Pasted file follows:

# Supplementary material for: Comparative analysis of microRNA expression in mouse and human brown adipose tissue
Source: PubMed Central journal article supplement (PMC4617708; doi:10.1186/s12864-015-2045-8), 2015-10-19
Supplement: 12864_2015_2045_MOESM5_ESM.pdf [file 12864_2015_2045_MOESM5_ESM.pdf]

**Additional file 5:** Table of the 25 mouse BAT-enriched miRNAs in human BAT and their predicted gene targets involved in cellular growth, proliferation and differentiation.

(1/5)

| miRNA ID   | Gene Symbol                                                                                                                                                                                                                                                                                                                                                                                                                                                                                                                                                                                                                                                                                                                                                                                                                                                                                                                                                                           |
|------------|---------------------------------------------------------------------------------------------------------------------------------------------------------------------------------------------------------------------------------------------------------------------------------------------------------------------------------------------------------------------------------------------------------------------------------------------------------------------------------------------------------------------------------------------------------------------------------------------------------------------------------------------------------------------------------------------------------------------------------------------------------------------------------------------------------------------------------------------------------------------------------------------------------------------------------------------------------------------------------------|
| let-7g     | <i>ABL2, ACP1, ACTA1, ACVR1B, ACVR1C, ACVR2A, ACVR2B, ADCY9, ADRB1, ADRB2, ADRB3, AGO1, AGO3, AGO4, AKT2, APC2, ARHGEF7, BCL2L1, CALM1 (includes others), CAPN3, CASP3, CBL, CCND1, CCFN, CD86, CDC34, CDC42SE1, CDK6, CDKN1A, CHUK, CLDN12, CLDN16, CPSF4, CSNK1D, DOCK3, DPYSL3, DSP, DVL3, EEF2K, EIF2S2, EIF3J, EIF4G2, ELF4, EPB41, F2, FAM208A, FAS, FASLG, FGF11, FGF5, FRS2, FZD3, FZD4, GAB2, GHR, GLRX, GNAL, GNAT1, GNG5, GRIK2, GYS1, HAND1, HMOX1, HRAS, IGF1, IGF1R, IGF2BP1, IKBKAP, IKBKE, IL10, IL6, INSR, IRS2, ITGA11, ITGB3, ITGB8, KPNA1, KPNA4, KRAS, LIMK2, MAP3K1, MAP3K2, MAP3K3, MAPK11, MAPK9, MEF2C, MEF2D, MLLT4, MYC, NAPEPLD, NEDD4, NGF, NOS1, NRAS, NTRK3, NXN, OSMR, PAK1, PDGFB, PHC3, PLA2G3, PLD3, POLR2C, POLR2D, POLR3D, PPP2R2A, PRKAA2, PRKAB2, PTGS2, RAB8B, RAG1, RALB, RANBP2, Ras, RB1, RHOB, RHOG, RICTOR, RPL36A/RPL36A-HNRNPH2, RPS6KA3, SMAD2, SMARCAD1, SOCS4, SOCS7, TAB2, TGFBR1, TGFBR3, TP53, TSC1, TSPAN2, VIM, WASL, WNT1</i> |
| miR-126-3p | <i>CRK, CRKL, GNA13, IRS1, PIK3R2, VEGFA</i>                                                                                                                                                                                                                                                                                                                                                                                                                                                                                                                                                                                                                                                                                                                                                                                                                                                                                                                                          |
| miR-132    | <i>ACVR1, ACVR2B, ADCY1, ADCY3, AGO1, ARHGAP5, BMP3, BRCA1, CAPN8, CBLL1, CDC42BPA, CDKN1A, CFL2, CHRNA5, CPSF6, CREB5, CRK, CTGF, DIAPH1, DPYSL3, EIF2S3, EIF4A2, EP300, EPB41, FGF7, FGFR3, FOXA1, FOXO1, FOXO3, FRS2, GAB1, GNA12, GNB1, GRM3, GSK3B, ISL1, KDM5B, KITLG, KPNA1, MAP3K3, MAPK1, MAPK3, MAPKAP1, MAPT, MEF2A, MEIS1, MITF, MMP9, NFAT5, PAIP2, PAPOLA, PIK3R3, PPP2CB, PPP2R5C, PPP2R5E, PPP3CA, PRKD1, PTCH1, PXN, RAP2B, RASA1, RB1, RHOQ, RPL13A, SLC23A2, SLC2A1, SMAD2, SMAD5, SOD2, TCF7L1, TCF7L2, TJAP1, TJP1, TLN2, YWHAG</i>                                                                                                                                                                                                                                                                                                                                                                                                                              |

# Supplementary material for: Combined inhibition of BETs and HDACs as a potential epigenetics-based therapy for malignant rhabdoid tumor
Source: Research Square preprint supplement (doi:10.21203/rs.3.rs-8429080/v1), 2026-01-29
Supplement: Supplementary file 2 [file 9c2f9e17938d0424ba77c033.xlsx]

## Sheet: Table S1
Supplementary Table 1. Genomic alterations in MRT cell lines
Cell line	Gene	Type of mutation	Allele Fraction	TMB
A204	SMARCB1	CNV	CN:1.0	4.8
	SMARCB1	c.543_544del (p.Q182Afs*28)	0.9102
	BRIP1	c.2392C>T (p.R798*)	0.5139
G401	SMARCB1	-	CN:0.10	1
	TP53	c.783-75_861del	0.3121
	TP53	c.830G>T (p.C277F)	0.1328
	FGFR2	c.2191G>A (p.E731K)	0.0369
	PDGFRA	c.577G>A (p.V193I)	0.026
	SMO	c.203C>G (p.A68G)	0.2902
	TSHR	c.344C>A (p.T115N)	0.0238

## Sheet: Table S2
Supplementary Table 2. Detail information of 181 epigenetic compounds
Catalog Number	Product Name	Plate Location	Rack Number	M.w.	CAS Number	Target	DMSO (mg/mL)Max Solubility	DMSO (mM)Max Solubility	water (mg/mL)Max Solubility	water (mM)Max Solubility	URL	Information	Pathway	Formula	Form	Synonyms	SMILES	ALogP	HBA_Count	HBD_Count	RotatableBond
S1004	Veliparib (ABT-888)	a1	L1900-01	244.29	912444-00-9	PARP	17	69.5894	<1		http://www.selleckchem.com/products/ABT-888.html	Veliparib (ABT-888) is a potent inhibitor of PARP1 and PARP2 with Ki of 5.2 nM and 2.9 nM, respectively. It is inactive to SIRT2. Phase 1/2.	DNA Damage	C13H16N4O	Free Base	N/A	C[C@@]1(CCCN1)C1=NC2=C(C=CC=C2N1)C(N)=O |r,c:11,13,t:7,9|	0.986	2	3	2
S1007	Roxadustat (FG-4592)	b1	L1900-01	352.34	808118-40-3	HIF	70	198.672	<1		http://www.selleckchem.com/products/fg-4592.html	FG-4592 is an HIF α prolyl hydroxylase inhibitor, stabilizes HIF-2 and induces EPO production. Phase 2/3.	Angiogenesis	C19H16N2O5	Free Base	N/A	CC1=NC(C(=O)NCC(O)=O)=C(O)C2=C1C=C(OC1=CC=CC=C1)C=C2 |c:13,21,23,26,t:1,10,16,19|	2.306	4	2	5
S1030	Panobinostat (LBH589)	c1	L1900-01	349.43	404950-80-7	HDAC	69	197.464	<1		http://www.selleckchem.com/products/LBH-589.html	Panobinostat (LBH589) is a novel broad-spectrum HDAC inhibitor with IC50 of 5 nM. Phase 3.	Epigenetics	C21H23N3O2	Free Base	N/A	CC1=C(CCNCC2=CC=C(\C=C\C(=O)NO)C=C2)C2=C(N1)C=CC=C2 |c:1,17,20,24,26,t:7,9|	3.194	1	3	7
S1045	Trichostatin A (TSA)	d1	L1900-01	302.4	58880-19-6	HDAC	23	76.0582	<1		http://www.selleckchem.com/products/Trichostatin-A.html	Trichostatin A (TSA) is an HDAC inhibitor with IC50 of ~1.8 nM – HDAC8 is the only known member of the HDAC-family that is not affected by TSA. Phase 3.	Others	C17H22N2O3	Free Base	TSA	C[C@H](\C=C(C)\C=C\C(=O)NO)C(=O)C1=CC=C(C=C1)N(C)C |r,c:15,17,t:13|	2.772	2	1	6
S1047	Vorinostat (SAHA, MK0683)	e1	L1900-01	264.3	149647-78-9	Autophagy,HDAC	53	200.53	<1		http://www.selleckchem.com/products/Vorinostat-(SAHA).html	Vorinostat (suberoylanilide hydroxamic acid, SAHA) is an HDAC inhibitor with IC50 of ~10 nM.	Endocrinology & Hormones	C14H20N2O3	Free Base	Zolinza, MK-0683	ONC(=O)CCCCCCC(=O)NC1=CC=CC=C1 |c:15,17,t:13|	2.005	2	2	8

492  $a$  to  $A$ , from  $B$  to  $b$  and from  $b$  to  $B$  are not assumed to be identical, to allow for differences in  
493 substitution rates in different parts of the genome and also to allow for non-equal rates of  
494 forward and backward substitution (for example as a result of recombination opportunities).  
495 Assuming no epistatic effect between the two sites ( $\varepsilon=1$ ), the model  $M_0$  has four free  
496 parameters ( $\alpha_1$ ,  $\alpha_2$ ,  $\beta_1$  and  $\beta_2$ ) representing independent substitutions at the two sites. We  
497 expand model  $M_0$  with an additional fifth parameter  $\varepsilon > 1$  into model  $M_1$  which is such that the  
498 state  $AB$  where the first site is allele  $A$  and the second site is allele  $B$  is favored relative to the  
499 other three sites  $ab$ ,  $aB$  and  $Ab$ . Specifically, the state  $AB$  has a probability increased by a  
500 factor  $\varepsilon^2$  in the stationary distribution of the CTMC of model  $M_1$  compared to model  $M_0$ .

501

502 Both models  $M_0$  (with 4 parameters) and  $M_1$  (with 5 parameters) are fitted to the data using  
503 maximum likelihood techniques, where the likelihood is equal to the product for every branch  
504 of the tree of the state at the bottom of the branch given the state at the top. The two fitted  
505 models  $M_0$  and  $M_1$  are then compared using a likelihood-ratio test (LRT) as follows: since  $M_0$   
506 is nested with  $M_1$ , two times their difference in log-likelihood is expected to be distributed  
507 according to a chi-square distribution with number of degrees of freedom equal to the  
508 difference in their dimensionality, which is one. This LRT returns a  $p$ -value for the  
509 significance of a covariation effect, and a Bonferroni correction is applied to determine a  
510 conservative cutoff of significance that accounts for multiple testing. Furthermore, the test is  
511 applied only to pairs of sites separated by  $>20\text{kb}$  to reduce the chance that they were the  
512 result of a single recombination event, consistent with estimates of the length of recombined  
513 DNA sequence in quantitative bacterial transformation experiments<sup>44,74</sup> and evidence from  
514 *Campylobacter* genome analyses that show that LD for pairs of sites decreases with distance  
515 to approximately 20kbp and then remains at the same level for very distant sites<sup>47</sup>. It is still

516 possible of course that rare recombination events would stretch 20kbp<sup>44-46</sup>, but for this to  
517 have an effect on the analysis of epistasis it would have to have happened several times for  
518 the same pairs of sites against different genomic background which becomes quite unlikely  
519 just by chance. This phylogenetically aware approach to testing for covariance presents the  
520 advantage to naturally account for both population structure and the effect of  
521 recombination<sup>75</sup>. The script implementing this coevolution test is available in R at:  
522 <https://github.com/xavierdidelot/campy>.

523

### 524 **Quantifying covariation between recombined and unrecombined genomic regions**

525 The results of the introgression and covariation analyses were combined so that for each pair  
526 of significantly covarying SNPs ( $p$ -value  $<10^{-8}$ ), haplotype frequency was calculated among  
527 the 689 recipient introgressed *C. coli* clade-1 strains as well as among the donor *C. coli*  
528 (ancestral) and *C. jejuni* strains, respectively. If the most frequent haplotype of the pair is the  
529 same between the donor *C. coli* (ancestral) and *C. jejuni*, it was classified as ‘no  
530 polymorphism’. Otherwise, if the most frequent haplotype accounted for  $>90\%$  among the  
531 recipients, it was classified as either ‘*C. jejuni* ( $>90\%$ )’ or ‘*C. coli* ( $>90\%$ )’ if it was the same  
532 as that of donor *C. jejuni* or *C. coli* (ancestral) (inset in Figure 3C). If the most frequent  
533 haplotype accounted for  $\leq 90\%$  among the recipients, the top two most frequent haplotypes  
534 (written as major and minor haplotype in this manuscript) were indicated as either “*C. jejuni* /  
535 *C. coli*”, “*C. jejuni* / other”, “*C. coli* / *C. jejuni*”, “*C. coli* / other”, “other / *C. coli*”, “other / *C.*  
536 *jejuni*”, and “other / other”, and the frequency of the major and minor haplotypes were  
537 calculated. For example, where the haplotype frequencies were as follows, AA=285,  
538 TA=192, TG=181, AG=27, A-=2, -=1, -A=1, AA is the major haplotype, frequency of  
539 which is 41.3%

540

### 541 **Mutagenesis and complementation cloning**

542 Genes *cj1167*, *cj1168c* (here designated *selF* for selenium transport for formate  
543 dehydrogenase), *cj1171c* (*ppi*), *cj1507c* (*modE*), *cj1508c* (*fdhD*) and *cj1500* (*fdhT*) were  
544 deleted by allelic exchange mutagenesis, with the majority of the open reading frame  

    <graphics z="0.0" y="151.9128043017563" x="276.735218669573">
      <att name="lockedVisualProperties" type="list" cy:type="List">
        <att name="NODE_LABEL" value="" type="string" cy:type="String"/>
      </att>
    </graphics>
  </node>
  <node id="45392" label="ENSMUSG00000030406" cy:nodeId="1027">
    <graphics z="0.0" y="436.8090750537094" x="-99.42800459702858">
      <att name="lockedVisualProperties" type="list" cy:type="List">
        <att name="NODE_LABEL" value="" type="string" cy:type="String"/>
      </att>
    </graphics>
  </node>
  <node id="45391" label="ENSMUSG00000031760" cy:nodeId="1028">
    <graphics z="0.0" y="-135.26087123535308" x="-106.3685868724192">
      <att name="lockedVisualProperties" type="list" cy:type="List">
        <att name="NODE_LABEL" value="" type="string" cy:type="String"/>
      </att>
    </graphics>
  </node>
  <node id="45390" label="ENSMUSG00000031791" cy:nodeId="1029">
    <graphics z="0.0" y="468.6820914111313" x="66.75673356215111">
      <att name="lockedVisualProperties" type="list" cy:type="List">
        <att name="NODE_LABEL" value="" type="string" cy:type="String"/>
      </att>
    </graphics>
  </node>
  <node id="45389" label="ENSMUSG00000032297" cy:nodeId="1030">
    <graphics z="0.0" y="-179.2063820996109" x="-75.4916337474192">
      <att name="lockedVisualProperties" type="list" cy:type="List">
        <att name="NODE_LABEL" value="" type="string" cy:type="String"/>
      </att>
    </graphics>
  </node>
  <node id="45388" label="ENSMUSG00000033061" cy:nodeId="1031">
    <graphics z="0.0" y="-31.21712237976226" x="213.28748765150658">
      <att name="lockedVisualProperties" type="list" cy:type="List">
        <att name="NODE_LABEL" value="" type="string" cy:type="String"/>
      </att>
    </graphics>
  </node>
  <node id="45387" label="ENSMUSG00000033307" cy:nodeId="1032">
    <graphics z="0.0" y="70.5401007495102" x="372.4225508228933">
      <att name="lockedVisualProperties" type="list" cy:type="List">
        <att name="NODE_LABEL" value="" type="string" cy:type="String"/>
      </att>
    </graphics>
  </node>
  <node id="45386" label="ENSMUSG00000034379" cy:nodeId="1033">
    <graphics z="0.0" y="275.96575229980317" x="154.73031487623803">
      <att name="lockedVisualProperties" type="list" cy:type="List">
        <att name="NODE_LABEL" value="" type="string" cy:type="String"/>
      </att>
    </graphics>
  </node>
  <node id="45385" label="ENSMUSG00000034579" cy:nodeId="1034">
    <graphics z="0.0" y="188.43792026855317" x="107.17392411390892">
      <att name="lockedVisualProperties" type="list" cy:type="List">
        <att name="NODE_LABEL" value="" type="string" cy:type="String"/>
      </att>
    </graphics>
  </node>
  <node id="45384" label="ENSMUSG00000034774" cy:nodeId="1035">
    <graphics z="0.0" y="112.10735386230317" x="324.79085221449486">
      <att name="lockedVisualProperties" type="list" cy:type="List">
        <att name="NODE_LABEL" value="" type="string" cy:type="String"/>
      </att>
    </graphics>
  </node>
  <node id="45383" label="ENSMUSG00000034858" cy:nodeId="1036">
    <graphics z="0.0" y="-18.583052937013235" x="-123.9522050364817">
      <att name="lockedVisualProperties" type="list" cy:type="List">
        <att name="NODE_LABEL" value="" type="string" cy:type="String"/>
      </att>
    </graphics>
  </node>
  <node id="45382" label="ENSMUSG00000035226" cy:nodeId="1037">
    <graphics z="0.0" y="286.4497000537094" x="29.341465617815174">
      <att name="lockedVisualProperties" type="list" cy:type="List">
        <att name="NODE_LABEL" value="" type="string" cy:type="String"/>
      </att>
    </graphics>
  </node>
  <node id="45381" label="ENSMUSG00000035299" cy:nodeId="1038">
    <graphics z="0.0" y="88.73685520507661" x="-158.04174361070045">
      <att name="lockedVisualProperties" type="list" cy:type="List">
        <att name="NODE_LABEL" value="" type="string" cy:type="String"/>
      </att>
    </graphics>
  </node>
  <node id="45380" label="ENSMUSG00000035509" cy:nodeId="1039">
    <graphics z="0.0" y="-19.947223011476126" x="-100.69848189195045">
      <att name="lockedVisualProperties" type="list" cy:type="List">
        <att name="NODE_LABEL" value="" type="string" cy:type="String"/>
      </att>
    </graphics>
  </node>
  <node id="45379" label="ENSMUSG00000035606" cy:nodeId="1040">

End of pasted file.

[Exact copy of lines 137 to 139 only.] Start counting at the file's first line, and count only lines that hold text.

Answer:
    <graphics z="0.0" y="275.96575229980317" x="154.73031487623803">
      <att name="lockedVisualProperties" type="list" cy:type="List">
        <att name="NODE_LABEL" value="" type="string" cy:type="String"/>